Mysterious diamonds came from outer space, say scientists

Mysterious diamonds came from outer space, say scientists

Professor Andy Tomkins (left) of Monash University with RMIT University PhD scholar Alan Salek and a ureilite meteorite sample. Credit: RMIT University

Rare diamonds from an ancient dwarf planet in our solar system may have formed shortly after the dwarf planet collided with a large asteroid about 4.5 billion years ago, according to scientists.

The research team says they have confirmed the existence of lonsdaleite, a rare hexagonal form of diamond, in ureilite meteorites from the dwarf planet’s mantle.

Lonsdaleite is named after the famous pioneering British crystallographer Dame Kathleen Lonsdale, who was the first woman elected as a Fellow of the Royal Society.

The team, with scientists from Monash University, RMIT University, CSIRO, the Australian Synchrotron and Plymouth University, found evidence of how lonsdaleite formed in ureilite meteorites and published their findings in the Proceedings of the National Academy of Sciences (PNAS). The study was led by geologist Professor Andy Tomkins of Monash University.

One of the lead researchers involved, RMIT professor Dougal McCulloch, said the team predicted that the hexagonal structure of lonsdaleite atoms made them potentially harder than normal diamonds, which had a cubic structure.

“This study categorically demonstrates that lonsdaleite exists in nature,” said McCulloch, Director of RMIT’s Microscopy and Microanalysis Facility.

“We have also discovered the largest lonsdaleite crystals known to date that are down to a micron in size, much, much thinner than a human hair.”

The team says lonsdaleite’s unusual structure could help inform new manufacturing techniques for ultrahard materials in mining applications.

Mysterious diamonds came from outer space, say scientists

Professor Dougal McCulloch (left) and RMIT PhD researcher Alan Salek with Monash University Professor Andy Tomkins (right) at RMIT Microscopy and Microanalysis. Credit: RMIT University

What is the origin of these mysterious diamonds?

McCulloch and his team RMIT, Ph.D. Scholar Alan Salek and Dr. Matthew Field used advanced electron microscopy techniques to capture solid, intact slices of the meteorites to create snapshots of how lonsdaleite and regular diamonds formed.

“There is strong evidence that there is a newly discovered formation process for lonsdaleite and regular diamond, which is like a supercritical process.” chemical vapor deposition process that has taken place in these space rocks, probably in the dwarf planet shortly after a catastrophic collision,” McCulloch said.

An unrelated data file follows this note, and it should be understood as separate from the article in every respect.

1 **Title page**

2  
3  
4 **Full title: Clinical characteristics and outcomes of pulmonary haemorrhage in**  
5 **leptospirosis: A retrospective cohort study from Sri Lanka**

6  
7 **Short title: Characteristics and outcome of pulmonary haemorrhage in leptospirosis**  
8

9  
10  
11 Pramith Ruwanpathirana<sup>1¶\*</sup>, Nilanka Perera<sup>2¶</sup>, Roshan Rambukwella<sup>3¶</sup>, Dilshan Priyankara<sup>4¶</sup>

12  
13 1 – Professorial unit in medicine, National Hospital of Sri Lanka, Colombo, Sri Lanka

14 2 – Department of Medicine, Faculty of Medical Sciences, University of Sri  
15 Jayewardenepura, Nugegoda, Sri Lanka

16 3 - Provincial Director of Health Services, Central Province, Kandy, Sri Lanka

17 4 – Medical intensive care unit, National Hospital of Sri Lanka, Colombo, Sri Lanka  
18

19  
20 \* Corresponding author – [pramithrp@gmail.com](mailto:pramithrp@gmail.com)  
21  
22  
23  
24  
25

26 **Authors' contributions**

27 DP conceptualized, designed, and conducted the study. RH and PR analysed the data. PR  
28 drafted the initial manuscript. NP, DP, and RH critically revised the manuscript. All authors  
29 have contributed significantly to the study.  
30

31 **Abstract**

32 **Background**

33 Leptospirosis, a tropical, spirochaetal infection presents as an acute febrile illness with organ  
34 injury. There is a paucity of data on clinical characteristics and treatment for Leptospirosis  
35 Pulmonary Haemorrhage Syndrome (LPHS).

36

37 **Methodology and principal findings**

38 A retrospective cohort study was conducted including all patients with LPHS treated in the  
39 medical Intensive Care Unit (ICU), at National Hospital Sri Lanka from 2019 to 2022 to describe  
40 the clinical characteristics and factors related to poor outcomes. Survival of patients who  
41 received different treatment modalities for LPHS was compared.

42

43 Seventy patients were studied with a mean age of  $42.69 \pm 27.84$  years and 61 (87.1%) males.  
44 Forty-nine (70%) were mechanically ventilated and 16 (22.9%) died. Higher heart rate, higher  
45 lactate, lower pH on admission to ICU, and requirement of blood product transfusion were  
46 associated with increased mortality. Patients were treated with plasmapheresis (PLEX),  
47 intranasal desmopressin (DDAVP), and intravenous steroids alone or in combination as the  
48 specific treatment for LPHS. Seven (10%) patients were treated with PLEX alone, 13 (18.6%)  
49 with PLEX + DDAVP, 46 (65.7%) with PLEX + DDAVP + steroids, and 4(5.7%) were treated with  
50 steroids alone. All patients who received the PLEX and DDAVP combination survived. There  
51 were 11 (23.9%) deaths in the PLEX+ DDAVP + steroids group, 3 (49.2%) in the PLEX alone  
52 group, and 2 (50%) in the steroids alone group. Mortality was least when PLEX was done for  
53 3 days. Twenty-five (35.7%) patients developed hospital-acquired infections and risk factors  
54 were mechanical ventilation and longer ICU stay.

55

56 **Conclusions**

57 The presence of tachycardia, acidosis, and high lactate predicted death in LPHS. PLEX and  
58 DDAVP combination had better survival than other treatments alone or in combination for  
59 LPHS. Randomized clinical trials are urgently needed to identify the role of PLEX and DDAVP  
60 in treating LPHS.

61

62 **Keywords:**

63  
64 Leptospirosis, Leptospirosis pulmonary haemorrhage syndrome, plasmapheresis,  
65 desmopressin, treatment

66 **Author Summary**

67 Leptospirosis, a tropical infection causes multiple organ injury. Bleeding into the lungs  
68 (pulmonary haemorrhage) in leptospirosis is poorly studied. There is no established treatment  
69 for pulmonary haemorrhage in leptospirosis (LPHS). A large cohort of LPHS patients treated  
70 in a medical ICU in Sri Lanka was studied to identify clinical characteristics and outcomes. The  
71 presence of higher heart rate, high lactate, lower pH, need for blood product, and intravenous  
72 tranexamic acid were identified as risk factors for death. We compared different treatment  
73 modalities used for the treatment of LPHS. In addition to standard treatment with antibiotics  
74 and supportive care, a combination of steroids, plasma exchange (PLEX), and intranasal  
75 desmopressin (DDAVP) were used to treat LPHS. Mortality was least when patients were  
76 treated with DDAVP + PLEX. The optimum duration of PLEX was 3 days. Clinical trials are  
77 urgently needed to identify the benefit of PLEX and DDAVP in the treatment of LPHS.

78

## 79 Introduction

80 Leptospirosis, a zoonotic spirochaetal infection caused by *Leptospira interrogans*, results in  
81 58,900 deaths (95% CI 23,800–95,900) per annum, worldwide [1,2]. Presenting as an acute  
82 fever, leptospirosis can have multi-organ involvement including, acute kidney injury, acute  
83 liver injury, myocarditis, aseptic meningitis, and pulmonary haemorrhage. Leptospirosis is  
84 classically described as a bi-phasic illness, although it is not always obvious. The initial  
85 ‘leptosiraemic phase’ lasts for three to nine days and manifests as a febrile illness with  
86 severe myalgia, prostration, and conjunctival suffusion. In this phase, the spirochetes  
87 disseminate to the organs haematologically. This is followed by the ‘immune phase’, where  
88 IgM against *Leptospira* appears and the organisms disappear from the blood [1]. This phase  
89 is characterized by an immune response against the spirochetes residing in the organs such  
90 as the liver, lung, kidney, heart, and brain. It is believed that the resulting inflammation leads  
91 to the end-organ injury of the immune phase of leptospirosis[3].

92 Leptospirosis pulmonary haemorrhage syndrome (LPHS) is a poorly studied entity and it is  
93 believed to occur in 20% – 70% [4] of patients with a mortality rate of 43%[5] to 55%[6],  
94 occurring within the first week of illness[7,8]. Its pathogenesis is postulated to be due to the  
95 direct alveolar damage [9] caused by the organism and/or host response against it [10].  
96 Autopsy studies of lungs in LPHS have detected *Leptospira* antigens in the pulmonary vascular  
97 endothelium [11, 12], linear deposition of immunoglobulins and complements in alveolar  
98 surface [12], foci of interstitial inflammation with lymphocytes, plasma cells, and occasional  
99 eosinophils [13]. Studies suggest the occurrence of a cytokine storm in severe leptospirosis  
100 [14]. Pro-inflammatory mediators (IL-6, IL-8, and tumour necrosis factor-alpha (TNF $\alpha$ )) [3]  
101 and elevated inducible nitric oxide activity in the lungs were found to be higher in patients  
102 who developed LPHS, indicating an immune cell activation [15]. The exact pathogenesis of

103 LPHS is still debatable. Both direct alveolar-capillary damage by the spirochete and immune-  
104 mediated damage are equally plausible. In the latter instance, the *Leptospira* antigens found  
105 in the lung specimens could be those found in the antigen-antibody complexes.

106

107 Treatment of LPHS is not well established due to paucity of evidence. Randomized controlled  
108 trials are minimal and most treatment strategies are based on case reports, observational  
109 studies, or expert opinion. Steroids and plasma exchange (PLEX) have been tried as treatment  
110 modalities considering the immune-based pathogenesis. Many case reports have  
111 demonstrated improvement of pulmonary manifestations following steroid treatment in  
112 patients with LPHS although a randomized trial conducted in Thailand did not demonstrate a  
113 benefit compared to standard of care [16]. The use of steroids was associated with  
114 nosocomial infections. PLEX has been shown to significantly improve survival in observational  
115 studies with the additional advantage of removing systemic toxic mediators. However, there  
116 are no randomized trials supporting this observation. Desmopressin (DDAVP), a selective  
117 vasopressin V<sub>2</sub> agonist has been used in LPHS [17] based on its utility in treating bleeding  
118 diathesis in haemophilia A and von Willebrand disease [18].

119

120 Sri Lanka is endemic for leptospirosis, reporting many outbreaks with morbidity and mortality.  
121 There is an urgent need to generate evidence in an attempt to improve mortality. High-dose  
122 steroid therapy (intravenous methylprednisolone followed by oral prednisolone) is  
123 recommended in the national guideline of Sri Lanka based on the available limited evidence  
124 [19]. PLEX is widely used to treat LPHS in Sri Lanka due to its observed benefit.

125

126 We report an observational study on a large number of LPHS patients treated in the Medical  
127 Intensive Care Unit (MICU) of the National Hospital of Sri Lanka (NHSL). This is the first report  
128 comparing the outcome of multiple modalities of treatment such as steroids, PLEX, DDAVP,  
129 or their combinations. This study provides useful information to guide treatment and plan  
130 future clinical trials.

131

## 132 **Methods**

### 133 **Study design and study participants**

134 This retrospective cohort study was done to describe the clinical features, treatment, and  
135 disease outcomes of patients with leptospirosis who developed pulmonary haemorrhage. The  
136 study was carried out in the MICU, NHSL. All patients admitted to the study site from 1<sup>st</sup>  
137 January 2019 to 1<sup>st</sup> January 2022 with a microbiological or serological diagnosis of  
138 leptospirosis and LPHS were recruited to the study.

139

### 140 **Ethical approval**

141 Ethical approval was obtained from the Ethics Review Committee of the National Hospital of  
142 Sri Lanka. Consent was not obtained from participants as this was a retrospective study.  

“Chemical vapor deposition It’s one of the ways that people make diamonds in the lab, essentially growing them in a specialized chamber.”

Tomkins said the team proposed that the lonsdaleite in the meteorites formed from a supercritical fluid at high temperatures and moderate pressures, almost perfectly preserving the shape and textures of pre-existing graphite.

“Lonsdaleite was later partially replaced by diamond as the environment cooled and pressure decreased,” said Tomkins, an ARC Future Fellow in Monash University’s School of Earth, Atmosphere and Environment.

“So, nature has provided us with a process to test and replicate in industry. We think lonsdaleite could be used to make ultra-hard, tiny machine parts if we can develop a industrial process that promotes the replacement of preformed graphite pieces by lonsdaleite”.

Tomkins said the study’s findings helped address a long-standing mystery about the formation of the carbon phases in ureilites.

“Sequential Lonsdaleite to Diamond Formation in Ureilite Meteorites via In Situ Chemical Fluid/Vapor Deposition” is published in the Proceedings of the National Academy of Sciences (PNAS).

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More information:
Sequential formation of lonsdaleite to diamond in ureilite meteorites through chemical fluid/vapor deposition, Proceedings of the National Academy of Sciences (2022). DOI: 10.1073/pnas.2208814119

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RMIT University

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